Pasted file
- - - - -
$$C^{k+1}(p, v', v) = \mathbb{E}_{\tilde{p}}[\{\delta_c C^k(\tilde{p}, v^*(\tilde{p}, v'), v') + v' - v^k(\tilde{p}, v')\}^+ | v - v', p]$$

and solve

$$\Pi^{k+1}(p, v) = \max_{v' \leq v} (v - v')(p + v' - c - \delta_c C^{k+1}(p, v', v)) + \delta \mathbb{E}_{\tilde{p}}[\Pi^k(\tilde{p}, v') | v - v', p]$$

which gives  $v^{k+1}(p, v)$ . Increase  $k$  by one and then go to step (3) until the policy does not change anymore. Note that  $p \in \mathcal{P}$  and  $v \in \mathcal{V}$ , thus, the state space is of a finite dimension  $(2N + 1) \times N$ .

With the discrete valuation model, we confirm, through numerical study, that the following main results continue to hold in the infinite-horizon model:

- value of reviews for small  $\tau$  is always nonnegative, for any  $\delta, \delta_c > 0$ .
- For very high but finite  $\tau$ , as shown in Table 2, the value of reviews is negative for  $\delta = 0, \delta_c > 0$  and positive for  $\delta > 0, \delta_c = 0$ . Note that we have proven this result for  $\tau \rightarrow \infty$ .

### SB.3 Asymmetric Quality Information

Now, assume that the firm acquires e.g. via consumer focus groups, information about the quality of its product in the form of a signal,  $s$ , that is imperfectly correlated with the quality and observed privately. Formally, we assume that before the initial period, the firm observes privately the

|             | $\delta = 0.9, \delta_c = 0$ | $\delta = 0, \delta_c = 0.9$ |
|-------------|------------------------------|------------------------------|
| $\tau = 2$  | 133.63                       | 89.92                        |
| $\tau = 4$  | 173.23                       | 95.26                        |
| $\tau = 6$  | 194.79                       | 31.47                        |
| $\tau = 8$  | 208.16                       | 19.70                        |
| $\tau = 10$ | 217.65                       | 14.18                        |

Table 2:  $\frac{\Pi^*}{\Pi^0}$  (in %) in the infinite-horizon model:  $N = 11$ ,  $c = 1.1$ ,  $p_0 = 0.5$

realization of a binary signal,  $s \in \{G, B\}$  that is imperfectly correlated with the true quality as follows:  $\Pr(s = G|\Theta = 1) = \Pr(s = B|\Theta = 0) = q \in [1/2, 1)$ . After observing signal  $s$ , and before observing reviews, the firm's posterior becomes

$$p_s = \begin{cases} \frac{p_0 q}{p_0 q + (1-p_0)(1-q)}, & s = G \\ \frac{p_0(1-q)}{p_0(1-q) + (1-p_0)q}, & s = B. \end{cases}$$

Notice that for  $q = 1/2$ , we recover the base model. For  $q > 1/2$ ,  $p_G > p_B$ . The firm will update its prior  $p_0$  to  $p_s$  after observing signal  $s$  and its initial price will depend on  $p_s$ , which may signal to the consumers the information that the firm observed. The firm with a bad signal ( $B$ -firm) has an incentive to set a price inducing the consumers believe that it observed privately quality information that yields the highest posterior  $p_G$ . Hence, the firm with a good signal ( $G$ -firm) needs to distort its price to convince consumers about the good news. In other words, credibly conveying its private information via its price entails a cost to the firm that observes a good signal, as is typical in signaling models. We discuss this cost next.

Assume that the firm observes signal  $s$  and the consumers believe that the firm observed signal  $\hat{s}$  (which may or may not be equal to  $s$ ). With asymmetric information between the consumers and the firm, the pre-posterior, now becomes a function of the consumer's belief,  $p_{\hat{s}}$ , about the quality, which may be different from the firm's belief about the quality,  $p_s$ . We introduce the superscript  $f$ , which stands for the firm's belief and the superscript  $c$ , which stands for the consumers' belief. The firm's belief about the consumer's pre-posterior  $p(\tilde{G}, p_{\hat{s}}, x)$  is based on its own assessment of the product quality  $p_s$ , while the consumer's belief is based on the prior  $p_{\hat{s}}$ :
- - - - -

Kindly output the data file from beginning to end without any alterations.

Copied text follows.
$$C^{k+1}(p, v', v) = \mathbb{E}_{\tilde{p}}[\{\delta_c C^k(\tilde{p}, v^*(\tilde{p}, v'), v') + v' - v^k(\tilde{p}, v')\}^+ | v - v', p]$$

and solve

$$\Pi^{k+1}(p, v) = \max_{v' \leq v} (v - v')(p + v' - c - \delta_c C^{k+1}(p, v', v)) + \delta \mathbb{E}_{\tilde{p}}[\Pi^k(\tilde{p}, v') | v - v', p]$$

which gives  $v^{k+1}(p, v)$ . Increase  $k$  by one and then go to step (3) until the policy does not change anymore. Note that  $p \in \mathcal{P}$  and  $v \in \mathcal{V}$ , thus, the state space is of a finite dimension  $(2N + 1) \times N$ .

With the discrete valuation model, we confirm, through numerical study, that the following main results continue to hold in the infinite-horizon model:

- value of reviews for small  $\tau$  is always nonnegative, for any  $\delta, \delta_c > 0$ .
- For very high but finite  $\tau$ , as shown in Table 2, the value of reviews is negative for  $\delta = 0, \delta_c > 0$  and positive for  $\delta > 0, \delta_c = 0$ . Note that we have proven this result for  $\tau \rightarrow \infty$ .

### SB.3 Asymmetric Quality Information

Now, assume that the firm acquires e.g. via consumer focus groups, information about the quality of its product in the form of a signal,  $s$ , that is imperfectly correlated with the quality and observed privately. Formally, we assume that before the initial period, the firm observes privately the

|             | $\delta = 0.9, \delta_c = 0$ | $\delta = 0, \delta_c = 0.9$ |
|-------------|------------------------------|------------------------------|
| $\tau = 2$  | 133.63                       | 89.92                        |
| $\tau = 4$  | 173.23                       | 95.26                        |
| $\tau = 6$  | 194.79                       | 31.47                        |
| $\tau = 8$  | 208.16                       | 19.70                        |
| $\tau = 10$ | 217.65                       | 14.18                        |

Table 2:  $\frac{\Pi^*}{\Pi^0}$  (in %) in the infinite-horizon model:  $N = 11$ ,  $c = 1.1$ ,  $p_0 = 0.5$

realization of a binary signal,  $s \in \{G, B\}$  that is imperfectly correlated with the true quality as follows:  $\Pr(s = G|\Theta = 1) = \Pr(s = B|\Theta = 0) = q \in [1/2, 1)$ . After observing signal  $s$ , and before observing reviews, the firm's posterior becomes

$$p_s = \begin{cases} \frac{p_0 q}{p_0 q + (1-p_0)(1-q)}, & s = G \\ \frac{p_0(1-q)}{p_0(1-q) + (1-p_0)q}, & s = B. \end{cases}$$

Notice that for  $q = 1/2$ , we recover the base model. For  $q > 1/2$ ,  $p_G > p_B$ . The firm will update its prior  $p_0$  to  $p_s$  after observing signal  $s$  and its initial price will depend on  $p_s$ , which may signal to the consumers the information that the firm observed. The firm with a bad signal ( $B$ -firm) has an incentive to set a price inducing the consumers believe that it observed privately quality information that yields the highest posterior  $p_G$ . Hence, the firm with a good signal ( $G$ -firm) needs to distort its price to convince consumers about the good news. In other words, credibly conveying its private information via its price entails a cost to the firm that observes a good signal, as is typical in signaling models. We discuss this cost next.

Assume that the firm observes signal  $s$  and the consumers believe that the firm observed signal  $\hat{s}$  (which may or may not be equal to  $s$ ). With asymmetric information between the consumers and the firm, the pre-posterior, now becomes a function of the consumer's belief,  $p_{\hat{s}}$ , about the quality, which may be different from the firm's belief about the quality,  $p_s$ . We introduce the superscript  $f$ , which stands for the firm's belief and the superscript  $c$ , which stands for the consumers' belief. The firm's belief about the consumer's pre-posterior  $p(\tilde{G}, p_{\hat{s}}, x)$  is based on its own assessment of the product quality  $p_s$ , while the consumer's belief is based on the prior  $p_{\hat{s}}$ :